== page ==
I am more concerned over Ben Bernanke than Osama bin Laden. Americans are aware of the dangers that the concept that Laden and others promote. To kill thy enemy at any cost, with most impact possible given the resources at hand. While Mr. Bernanke is put on the covers of magazines as man of the year and he himself takes credit for taking actions to “make people feel better so they spend more”. In that single statement, admitting, that he has not taken fundamental actions to make the situation improved. Unless you consider feelings as equal as a promise kept and law enforced.
Current Money Summary
Currently, there is two views of money, Fiat and gold based. Both also can have credit issues against them, generating their own form of new money. In both cases they have weaknesses. One for abuse and the other for holding back prosperity of the people. I recommend watching the video “Secret of Oz” for more on this background.
New money attributes
Once again, the problem is societies knee-jerk reaction is to answer with what you know. By choosing past money systems that have repeatedly failed in history, we guarantee the money system will fail again. What is needed is an improved form of currency. One that can do the following.
  • Enforces that work done is repaid with work done. If work isn’t repaid, that money is lost, and the impact is against the person or company that FAILED to repay the work. They take the hit.
  • New Money can be created literally out of thin air. All that is required is you perform work, and someone else receives the work. The one receiving the work now has a debt in life that must be repaid. This of course, is called credit. When you have no money, but need to create money out of thin air.
  • Amount of credit given to an individual is finite, determined by an open market competing for your business. For example, if GM needs more money, it can obtain credit from the market place (creditors) at a rate of interest determined by the market place. A free form of pure capitalism is required, and transparency into the applicant’s finances is crucial for this to work.
  • No one entity can create new money outside of the process. There is no grand puba called Federal Reserve Bank Chairman that can bequeath new money unto the minions of society. A fair system for all to ensure that work done will be paid back with work done.
  • Money can be freely transferable to anyone the possessor dictates. This transfer is automatically subject to taxation, with no exceptions. Perhaps a 1% flat tax across all of societies work effort. The tax is to ensure the business environment is concussive for work. This will provide incentive for governments to improve work conditions, as it will generate more tax through more business being done. The government carrot is in effect, like the profit of McDonald's. More business done = more income.
  • The system is secure, provides transparent accounting, and is governed by an open board. All work done by the board to propose changes to the system (refinement) must be done on a public web site, subject to public voting and public approval of EXACT changes being instituted. All new rules subject to 12 month revocation period by the same public voting system.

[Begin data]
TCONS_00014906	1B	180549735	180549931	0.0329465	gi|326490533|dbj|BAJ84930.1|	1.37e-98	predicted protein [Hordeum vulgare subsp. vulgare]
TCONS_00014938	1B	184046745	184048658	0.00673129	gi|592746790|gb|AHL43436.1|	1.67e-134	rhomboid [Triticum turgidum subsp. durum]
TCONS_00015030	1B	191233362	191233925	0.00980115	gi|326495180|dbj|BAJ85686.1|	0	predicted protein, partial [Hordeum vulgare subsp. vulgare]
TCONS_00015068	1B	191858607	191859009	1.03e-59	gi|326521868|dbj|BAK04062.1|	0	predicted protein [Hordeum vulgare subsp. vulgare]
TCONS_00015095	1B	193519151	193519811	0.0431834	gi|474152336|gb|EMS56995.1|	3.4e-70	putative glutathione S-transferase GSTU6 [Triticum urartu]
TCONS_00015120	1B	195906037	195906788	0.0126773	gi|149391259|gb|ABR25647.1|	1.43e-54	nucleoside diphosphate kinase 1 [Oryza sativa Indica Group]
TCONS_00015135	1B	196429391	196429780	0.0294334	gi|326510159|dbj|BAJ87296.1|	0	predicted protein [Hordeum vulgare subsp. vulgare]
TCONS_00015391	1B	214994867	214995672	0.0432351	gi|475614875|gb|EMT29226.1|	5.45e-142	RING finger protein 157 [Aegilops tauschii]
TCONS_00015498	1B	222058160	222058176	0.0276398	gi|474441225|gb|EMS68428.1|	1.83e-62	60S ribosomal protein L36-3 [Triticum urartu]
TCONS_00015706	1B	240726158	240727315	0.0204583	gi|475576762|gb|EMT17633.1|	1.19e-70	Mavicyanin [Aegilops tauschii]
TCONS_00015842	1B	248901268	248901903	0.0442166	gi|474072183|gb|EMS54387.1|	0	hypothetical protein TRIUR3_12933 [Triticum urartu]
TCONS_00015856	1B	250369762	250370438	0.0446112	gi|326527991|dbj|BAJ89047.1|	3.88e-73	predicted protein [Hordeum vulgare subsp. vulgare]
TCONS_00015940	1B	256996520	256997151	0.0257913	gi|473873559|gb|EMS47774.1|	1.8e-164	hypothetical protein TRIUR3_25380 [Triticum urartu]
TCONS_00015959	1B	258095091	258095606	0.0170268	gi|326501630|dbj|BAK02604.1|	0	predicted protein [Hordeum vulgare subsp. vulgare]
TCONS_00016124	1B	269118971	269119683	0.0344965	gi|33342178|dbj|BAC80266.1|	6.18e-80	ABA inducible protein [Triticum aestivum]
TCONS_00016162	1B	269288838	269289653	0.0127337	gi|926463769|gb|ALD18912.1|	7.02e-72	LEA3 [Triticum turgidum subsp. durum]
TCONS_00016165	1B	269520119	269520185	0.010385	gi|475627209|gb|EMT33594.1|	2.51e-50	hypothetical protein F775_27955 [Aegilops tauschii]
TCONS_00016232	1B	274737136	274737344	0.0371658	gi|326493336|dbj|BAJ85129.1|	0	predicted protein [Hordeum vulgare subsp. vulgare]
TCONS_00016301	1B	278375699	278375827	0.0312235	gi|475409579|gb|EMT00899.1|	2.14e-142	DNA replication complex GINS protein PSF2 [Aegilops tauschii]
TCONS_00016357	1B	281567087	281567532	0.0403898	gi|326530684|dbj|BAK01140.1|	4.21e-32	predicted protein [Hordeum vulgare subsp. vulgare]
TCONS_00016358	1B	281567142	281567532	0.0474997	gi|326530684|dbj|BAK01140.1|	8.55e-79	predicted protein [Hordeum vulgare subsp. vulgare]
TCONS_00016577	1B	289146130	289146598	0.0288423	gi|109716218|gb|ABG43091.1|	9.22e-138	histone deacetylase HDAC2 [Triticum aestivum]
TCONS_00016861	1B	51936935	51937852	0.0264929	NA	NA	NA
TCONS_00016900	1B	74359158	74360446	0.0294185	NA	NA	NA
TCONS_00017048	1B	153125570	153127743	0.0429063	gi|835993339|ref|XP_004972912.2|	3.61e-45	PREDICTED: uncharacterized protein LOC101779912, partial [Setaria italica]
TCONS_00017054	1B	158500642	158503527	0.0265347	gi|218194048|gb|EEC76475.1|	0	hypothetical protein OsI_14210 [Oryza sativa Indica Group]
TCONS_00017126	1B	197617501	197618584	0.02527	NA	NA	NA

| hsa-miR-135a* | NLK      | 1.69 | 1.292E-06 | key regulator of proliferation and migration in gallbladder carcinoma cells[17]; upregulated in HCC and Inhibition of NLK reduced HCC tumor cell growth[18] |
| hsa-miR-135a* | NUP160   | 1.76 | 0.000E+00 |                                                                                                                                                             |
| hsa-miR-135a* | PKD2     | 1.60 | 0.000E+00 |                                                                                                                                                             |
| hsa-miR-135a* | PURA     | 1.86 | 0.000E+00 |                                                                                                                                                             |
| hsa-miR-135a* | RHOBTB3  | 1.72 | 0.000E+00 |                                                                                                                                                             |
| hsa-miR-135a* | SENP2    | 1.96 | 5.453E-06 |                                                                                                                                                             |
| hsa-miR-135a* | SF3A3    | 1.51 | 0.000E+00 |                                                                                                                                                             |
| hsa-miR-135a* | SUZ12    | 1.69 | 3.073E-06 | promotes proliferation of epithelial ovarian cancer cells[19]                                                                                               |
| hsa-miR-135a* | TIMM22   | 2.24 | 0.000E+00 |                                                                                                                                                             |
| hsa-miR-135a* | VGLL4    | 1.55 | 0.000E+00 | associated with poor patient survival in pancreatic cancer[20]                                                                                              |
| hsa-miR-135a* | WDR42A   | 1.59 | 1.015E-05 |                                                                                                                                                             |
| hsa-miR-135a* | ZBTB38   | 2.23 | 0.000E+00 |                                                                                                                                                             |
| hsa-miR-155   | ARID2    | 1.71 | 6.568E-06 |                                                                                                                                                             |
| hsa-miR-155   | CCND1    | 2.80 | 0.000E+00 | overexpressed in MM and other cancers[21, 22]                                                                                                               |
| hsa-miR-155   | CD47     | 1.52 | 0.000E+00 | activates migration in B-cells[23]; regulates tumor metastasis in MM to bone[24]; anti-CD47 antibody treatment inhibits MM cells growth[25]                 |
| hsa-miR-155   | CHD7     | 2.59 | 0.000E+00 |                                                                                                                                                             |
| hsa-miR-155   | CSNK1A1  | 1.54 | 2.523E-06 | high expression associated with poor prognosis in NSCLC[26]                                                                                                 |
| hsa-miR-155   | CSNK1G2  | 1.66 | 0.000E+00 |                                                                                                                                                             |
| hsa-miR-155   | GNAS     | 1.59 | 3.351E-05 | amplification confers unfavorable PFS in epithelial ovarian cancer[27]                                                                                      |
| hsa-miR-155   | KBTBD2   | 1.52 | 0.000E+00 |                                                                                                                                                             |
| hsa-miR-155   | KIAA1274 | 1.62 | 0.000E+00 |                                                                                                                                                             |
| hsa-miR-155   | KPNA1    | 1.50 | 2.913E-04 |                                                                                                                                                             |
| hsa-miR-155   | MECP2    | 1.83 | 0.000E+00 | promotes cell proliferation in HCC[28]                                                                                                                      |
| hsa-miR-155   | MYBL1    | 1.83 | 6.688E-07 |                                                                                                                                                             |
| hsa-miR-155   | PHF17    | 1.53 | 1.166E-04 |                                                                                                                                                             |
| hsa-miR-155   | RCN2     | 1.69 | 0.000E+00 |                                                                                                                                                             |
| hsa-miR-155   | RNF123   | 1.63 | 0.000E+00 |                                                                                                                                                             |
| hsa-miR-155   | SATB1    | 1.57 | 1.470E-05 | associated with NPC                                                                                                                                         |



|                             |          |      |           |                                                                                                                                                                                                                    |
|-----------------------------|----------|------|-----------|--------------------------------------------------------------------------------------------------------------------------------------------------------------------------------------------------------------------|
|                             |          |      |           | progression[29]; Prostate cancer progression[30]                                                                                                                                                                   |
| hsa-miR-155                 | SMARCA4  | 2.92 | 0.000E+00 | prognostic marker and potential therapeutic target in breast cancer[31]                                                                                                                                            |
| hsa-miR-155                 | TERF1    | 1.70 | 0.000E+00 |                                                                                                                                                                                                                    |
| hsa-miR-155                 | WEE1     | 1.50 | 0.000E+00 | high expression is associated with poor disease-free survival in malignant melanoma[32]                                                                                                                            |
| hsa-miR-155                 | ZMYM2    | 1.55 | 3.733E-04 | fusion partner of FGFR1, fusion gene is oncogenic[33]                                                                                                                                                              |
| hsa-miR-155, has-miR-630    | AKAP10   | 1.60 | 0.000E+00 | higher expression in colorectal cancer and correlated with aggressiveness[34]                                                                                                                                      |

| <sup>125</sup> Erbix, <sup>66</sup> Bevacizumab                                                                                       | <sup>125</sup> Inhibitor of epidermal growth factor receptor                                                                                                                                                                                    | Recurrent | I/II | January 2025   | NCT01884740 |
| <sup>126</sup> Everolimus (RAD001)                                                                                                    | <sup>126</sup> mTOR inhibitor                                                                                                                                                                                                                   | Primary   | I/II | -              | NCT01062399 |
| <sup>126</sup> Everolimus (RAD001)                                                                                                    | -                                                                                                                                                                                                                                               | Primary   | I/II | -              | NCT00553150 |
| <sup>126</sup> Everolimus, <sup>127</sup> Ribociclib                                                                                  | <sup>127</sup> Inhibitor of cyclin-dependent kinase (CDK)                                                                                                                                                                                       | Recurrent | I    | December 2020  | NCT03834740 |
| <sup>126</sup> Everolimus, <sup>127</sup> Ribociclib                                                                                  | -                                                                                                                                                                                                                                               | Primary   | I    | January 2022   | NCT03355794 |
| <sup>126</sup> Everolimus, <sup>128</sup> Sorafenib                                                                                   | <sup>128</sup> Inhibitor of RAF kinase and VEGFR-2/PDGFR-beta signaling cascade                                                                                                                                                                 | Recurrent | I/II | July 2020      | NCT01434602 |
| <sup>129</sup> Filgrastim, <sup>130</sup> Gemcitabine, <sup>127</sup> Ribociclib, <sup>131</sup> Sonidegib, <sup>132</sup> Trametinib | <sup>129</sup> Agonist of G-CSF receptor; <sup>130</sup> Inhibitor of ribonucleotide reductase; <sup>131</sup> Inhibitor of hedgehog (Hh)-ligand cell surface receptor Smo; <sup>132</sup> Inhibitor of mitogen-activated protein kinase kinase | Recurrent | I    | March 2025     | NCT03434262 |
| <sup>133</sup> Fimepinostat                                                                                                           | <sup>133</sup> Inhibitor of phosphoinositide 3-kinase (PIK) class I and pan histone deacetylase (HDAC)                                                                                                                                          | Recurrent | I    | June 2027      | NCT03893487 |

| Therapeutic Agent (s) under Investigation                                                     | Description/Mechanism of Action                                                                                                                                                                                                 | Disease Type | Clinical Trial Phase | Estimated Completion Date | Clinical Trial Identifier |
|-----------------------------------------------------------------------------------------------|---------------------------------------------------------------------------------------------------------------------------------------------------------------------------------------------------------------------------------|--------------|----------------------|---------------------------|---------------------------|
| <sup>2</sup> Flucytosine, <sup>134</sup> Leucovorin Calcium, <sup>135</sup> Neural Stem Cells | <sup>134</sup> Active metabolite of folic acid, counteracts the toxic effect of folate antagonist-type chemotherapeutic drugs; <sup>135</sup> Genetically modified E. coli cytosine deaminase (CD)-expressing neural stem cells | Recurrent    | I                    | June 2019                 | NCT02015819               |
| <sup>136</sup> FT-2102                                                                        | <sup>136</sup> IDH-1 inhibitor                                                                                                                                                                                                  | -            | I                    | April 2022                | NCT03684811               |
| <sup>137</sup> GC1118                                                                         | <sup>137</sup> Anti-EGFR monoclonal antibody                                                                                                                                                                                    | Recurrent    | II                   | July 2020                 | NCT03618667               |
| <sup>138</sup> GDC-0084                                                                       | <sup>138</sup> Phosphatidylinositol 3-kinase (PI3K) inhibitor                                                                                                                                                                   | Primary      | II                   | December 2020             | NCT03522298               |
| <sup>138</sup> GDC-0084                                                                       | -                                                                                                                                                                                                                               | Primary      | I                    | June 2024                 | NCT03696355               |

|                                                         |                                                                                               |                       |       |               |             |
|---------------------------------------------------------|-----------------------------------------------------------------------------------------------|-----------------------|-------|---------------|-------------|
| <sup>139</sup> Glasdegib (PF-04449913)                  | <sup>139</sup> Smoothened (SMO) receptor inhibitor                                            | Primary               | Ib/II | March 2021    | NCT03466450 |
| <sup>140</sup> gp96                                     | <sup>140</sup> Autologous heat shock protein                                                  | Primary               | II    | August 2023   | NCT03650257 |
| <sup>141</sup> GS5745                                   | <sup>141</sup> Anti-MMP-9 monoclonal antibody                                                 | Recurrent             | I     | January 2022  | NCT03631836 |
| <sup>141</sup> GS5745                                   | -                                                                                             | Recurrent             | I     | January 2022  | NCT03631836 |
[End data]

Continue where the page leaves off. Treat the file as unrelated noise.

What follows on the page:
I have a slightly slanted vision, based on what I know, computer systems.
What I envision of course is a computerized marketplace where all money is stored electronically. It may in fact be a global currency. However, I am NOT in favor of a global currency, as such the risk of global failure due to corruption is too high. Instead I think what is required is to allow any company to create a system, using open review and process, to be a viable storage of wealth.
Electronic Money
For example, EBAY could create it’s own form of money, and then interface it’s money using a “currency exchange rate” to Amazon. Only in the spirit of private competition coupled with mandated open transparency can result in an evolving framework that will result in an optimal system. Over time, the currency systems that are found to be the most trustworthy will rise to the top.
Let the marketplace of ideas and private enterprise provides a solution. One of the solutions of course, I would expect would the equity exchanges, future markets, and other financial systems. The monetary rate of exchange between systems must be an open, market place where rates are found in a capitalistic fashion. No backroom deals to gain unfair market advantage.
Alternately, a single entity could be created by each country, separate from the government. But I suspect the same human tendencies to corrupt would creep into the system, as always happens with a monopoly.
You may be surprised to learn, that this is already occurring, in a form of new money through a web site called listia. They provide trading of goods without money. But they have a form of credits to help even out the valuation differences of exchanges. I think this system is just a small example of how this would work, but what is also needed is strong transparency, strict financial accounting, and public review of refinement to gain and maintain trust.
With such a system, the goal of allowing new money to come into the system can be accomplished with credit, objects, or services performed, allowing the economy to grow. It also enforces that no one entity can create money at will, that the same process is used for all. That governments or private banking cartels do not have a monopoly access to money creation. This practice is what introduces abuse, currency collapse, high inflation, or just plain old lawlessness and fraud. Unfortunately I doubt my vision will happen in my lifetime. People will try all they know to stick with “what they know” and not dive into “what they don’t know”. For now, it will be Fiat currencies and asset-backed money, both issuing pain upon mankind until demands for a new system emerges.